The Trump administration also lags behind the three previous presidential administrations in the amount of injunctive relief and the amount of air pollution reductions.

At the same time, the group warned that a six-month period does not provide enough data for definitive conclusions, and cases and settlements are often the result of years of efforts. For example, the largest civil penalty imposed by the Obama administration in its first six months was a $12 million fine imposed on BP, whose large Texas City refinery suffered fires and explosions that killed 15 people and injured more than 170 others in 2005.

The largest civil penalty imposed so far by the Trump administration came on May 17, when the EPA and the state of Texas imposed a $2.5 million penalty on the owner of Vopak Terminals North America Inc. for air pollution violations at its terminal along the Houston Ship Channel, the EIP said. The Dutch company’s terminal stores biofuels, chemicals, petroleum products, base oils and lubricants, consisting of 243 tanks with a collective capacity of over 7 million barrels, the EPA said on its website.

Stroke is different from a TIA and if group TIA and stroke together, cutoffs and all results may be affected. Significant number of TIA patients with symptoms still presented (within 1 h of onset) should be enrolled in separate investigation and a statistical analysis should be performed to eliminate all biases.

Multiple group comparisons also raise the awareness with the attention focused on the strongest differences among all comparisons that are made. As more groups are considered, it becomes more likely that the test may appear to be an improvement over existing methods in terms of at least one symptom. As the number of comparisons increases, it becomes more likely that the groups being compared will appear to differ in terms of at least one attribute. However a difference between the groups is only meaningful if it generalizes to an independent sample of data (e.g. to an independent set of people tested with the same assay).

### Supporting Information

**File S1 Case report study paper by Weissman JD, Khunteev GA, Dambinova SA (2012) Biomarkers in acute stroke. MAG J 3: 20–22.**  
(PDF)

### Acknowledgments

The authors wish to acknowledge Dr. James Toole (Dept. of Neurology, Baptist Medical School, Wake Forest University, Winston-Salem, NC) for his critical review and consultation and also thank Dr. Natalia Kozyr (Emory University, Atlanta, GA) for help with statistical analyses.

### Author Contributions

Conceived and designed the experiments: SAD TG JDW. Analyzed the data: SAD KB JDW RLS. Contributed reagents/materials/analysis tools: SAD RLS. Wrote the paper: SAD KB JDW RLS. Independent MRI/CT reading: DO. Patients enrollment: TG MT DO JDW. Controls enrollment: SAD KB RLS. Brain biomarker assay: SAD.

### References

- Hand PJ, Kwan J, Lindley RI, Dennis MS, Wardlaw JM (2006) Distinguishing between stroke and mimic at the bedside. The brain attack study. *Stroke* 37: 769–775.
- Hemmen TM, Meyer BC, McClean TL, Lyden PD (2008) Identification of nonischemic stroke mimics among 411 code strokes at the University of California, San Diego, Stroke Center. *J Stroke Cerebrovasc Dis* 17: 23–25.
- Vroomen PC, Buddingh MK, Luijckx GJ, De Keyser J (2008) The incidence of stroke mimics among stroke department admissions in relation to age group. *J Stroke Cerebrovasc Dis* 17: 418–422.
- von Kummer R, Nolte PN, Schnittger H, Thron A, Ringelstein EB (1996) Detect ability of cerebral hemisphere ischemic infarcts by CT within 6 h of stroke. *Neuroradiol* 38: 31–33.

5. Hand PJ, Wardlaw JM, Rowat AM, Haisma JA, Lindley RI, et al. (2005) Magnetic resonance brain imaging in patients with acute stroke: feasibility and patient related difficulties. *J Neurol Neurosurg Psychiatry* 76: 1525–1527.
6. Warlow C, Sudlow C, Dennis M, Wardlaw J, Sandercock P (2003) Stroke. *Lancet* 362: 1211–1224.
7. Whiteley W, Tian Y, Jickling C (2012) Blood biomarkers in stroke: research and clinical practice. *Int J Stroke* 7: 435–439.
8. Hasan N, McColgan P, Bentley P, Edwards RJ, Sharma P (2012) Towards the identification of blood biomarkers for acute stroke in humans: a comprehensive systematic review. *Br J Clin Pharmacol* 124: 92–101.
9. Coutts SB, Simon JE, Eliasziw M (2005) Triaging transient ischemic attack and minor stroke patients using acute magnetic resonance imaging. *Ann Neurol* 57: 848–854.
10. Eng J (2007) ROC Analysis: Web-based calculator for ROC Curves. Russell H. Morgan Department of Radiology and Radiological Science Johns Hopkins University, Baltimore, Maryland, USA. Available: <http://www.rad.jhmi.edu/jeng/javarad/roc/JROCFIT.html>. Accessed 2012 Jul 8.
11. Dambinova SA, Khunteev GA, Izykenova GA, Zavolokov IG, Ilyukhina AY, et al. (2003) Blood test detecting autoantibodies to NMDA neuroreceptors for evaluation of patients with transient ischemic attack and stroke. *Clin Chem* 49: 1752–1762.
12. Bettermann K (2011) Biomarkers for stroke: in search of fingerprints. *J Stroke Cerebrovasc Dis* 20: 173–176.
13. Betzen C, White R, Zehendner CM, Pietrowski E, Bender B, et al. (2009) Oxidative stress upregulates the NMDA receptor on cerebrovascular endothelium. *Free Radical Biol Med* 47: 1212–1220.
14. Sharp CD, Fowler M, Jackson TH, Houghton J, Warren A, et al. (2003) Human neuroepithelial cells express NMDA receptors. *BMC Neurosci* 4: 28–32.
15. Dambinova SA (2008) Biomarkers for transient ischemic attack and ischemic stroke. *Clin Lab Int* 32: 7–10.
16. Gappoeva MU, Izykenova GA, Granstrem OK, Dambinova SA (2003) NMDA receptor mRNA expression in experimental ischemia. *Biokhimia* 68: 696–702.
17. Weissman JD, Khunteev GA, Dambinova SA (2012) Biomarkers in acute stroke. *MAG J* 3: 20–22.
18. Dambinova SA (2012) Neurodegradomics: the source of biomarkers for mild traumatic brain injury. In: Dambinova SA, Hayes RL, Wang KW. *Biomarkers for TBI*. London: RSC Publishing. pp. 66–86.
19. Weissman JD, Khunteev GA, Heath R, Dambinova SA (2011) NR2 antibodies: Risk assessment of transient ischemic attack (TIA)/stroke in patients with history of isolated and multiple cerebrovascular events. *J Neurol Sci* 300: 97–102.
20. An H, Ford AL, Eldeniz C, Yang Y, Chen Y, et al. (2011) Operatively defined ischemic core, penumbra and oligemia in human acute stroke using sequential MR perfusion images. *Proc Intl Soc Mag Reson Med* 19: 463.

It added that Vopak’s violations were detected in 2012, 2014 and 2015 involving open tanks, leaking tanks and inefficient flares that contributed to releases of volatile organic compounds.

Related: At EPA museum, history might be in for a change

“The company’s Deer Park facility failed to comply with Clean Air Act requirements to properly manage equipment, which resulted in excess emissions of benzene (a carcinogen) and volatile organic compounds,” the EIP said. “These compounds contribute to smog and causes asthma attacks and eye, nose and throat irritation, as well as headaches, nausea and damage to liver, kidney and the central nervous system.”